rather dramatically to present day, with currently 40% of new marriages ending in divorce with its main peak in 1991 where there was 180,000. Although statistically there has been a decrease since then in marriages (In 2001 there were 157,000) it is still six times larger than that in 1961. The main trends showing in divorces is the rise of the female becoming predominant in filing for divorce as 7 out of 10 are women with the main reason being ‘unreasonable behaviour’. However, it has also been shown that there was an increase in divorce after 20 years of marriage and also less than 10 years. There are many coinciding factors that have affected this rise in divorce rates that are both Economic, Social and Legal aspects. Many sociologists have linked this decline to the supposed decline in the ‘nuclear family’, with perspectives like the new right functionalists describing divorce as creating ‘an underclass of welfare dependent female families’.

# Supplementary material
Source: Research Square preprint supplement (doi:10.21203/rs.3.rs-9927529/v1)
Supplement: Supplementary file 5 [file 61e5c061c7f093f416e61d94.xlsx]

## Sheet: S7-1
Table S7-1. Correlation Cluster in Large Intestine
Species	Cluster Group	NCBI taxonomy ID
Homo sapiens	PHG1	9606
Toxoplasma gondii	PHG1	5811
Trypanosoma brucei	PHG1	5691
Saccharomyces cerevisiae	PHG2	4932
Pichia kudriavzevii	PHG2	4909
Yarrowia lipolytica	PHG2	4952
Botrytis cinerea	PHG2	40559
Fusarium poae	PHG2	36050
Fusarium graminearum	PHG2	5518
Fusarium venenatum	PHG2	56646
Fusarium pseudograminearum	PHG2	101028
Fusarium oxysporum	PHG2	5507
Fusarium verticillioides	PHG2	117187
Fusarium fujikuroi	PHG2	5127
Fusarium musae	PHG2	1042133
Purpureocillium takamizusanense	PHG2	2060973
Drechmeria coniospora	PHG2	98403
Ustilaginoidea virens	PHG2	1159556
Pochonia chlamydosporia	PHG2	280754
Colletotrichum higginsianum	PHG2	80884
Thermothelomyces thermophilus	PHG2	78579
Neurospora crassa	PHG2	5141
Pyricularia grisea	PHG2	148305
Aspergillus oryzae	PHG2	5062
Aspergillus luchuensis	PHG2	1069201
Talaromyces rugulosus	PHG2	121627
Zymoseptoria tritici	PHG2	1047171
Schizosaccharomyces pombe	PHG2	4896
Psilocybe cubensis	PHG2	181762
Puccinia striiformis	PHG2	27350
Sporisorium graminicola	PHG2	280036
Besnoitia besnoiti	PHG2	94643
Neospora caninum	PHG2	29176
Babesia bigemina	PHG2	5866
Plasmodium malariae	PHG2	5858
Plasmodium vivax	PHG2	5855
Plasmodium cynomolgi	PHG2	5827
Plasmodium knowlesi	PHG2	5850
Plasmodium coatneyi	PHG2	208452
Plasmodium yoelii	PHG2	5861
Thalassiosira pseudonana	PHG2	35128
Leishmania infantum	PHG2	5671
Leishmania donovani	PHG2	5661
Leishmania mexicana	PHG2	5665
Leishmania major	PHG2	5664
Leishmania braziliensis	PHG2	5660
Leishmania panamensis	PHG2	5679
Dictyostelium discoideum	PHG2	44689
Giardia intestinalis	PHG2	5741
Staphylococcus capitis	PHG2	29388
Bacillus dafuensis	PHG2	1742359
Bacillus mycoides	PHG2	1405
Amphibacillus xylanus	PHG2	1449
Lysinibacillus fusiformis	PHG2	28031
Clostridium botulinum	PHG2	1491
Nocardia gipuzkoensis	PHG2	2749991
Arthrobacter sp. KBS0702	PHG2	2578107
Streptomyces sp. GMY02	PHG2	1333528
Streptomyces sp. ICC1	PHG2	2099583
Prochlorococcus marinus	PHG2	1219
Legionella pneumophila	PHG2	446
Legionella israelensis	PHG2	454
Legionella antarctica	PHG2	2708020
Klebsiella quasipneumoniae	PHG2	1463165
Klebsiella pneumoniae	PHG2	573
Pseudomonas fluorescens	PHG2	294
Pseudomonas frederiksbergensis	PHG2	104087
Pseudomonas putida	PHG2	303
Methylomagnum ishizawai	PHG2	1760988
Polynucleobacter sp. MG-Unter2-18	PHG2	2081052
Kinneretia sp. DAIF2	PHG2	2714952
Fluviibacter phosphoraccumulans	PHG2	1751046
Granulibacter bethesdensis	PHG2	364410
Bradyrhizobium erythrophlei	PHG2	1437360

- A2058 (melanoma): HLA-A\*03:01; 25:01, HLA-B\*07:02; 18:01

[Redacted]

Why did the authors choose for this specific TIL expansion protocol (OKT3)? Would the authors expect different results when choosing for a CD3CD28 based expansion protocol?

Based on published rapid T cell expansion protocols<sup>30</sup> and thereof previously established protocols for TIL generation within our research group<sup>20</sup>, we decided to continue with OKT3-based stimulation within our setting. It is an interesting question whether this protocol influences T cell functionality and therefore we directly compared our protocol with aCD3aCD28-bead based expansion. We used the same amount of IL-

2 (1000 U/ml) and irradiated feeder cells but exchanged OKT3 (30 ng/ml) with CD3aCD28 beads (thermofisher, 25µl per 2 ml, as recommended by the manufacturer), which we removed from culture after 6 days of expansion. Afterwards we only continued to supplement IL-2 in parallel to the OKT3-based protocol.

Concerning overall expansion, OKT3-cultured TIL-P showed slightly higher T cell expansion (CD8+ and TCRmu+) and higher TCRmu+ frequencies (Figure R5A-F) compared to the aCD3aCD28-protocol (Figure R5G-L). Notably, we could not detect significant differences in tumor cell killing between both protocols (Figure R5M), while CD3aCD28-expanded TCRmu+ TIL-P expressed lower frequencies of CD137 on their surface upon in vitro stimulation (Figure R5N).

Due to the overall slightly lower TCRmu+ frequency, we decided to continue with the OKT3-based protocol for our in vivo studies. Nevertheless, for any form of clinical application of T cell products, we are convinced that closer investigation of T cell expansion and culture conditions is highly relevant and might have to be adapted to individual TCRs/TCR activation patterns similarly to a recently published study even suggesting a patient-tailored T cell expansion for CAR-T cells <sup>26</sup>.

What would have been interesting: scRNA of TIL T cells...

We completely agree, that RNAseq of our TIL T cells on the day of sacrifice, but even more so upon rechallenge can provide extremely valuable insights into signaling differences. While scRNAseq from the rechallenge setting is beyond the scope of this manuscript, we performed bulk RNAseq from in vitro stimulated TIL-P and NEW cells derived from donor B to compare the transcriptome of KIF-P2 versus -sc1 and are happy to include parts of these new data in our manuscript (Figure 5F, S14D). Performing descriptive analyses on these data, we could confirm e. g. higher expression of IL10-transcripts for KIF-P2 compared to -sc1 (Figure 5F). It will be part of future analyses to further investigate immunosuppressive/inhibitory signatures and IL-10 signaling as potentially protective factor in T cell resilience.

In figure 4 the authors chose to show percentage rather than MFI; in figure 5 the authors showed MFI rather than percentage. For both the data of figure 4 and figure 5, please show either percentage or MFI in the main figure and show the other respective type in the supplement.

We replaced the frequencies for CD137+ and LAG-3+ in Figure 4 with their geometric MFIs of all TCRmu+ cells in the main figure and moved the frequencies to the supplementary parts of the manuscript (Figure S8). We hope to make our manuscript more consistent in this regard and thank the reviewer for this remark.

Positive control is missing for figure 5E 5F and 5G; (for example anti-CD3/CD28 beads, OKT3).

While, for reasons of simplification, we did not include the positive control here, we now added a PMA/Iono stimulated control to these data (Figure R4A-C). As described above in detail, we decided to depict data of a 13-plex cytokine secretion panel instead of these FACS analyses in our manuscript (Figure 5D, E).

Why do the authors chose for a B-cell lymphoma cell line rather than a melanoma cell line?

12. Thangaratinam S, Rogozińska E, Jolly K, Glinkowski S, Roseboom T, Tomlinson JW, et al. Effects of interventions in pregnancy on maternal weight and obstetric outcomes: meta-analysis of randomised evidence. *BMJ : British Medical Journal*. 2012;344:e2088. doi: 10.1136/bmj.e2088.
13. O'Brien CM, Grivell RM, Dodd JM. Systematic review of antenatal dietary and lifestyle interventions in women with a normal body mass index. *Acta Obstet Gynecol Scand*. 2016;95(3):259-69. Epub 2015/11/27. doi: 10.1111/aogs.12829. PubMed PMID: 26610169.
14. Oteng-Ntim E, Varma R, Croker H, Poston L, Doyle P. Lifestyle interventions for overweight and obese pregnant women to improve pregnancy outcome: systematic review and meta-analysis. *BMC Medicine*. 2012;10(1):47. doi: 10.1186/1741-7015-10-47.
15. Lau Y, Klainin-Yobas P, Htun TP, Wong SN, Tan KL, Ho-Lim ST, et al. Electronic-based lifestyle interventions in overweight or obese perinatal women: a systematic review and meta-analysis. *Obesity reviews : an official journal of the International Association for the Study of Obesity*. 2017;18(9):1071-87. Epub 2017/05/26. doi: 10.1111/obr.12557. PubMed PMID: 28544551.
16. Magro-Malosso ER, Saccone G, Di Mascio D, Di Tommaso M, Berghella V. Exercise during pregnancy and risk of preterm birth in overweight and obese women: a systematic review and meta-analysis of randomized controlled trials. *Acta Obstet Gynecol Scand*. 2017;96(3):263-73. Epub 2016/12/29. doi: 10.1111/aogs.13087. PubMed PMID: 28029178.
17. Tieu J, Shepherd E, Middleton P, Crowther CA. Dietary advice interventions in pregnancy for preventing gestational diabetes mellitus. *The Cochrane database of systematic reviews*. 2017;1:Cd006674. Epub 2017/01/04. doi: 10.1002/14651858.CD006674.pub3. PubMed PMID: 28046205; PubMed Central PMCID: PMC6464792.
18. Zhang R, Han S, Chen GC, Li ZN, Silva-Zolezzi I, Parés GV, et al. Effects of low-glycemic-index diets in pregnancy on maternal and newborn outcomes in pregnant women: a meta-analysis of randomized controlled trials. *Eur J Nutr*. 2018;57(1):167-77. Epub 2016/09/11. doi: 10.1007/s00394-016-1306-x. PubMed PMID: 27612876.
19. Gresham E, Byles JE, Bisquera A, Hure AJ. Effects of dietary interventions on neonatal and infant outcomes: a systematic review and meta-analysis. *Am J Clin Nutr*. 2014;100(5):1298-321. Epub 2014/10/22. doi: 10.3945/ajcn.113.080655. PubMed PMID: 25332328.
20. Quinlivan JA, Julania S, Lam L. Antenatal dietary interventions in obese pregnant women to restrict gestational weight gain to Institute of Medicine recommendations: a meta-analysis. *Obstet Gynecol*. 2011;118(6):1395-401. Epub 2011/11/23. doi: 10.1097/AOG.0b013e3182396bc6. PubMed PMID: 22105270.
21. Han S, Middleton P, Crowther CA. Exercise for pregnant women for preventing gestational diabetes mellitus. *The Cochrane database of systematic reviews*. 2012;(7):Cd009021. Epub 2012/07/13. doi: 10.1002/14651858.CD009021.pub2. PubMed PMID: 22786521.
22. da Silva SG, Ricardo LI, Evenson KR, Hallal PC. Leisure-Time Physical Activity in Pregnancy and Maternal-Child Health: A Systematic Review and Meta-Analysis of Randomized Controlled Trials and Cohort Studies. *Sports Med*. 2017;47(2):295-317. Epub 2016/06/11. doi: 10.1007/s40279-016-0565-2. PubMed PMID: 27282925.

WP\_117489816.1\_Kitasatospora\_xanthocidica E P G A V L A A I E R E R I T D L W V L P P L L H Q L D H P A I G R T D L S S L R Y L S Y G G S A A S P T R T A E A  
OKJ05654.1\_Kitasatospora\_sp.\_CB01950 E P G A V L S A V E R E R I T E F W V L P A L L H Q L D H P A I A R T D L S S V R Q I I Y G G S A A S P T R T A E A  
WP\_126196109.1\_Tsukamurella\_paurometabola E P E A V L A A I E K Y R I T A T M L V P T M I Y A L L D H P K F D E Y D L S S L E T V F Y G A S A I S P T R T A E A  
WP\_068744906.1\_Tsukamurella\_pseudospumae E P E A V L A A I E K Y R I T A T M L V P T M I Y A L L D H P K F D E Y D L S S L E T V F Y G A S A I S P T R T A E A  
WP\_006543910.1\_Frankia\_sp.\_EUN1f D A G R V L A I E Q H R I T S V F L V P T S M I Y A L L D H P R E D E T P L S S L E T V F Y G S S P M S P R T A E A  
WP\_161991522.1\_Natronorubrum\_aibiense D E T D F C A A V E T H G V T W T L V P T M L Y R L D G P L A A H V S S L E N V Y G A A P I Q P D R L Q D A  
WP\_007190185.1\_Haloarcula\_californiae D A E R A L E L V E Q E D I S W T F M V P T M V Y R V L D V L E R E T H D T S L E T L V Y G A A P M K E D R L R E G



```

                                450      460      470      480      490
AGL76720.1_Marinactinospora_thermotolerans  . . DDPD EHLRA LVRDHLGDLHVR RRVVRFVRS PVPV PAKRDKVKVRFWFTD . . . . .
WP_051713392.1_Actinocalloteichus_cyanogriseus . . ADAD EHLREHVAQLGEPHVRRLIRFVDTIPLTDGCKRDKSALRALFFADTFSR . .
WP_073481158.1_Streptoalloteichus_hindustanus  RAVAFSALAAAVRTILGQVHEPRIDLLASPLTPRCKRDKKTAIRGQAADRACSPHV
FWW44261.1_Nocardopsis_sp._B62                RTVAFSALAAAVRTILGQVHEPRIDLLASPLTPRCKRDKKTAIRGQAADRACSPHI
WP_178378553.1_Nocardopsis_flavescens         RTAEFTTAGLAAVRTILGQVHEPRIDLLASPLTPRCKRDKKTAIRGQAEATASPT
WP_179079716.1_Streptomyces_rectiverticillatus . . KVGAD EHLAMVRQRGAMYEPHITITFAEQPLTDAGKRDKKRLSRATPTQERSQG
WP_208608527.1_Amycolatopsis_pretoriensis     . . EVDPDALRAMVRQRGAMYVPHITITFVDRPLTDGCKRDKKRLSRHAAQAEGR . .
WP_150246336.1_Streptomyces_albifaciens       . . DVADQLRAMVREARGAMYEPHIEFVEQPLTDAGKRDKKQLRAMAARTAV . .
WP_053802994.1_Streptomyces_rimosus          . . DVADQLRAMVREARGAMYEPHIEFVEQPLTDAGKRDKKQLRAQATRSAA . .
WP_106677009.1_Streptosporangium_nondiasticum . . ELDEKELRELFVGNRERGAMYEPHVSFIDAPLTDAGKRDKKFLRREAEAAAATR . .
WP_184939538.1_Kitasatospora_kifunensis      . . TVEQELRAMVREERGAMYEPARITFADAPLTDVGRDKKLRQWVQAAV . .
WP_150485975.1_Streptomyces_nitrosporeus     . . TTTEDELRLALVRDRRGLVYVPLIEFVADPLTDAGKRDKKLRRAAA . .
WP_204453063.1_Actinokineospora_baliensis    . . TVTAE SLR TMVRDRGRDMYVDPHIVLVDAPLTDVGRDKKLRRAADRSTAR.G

The main time frame I will be focusing on to compare the divorce rates to present day is the late 1960’s with the introduction of the Divorce Reform Act coming into play and the focusing point of this time. So It is apparent from this, that one factor for the increase in the number of divorces is the change In law which has been highlighted by many as one of the main underlying features of ‘modern divorce’. Although there was a divorce system available to couples, with the first divorce in Britain being in 1551 (as highlighted in Callan’s notes in ‘Brief History of Divorce’ 2002) that was dissolved by parliamentary proceedings with 300 divorces taking place from then up until the Divorce Act of 1857, which was a revolutionary point for relationships at that time, although it was only available to rich males and was too specific in the reason for divorce. The utility of this change in law is not as obvious to the 1960’s and onwards legal sector, but it has to be kept in mind the questionable reliability of divorce...
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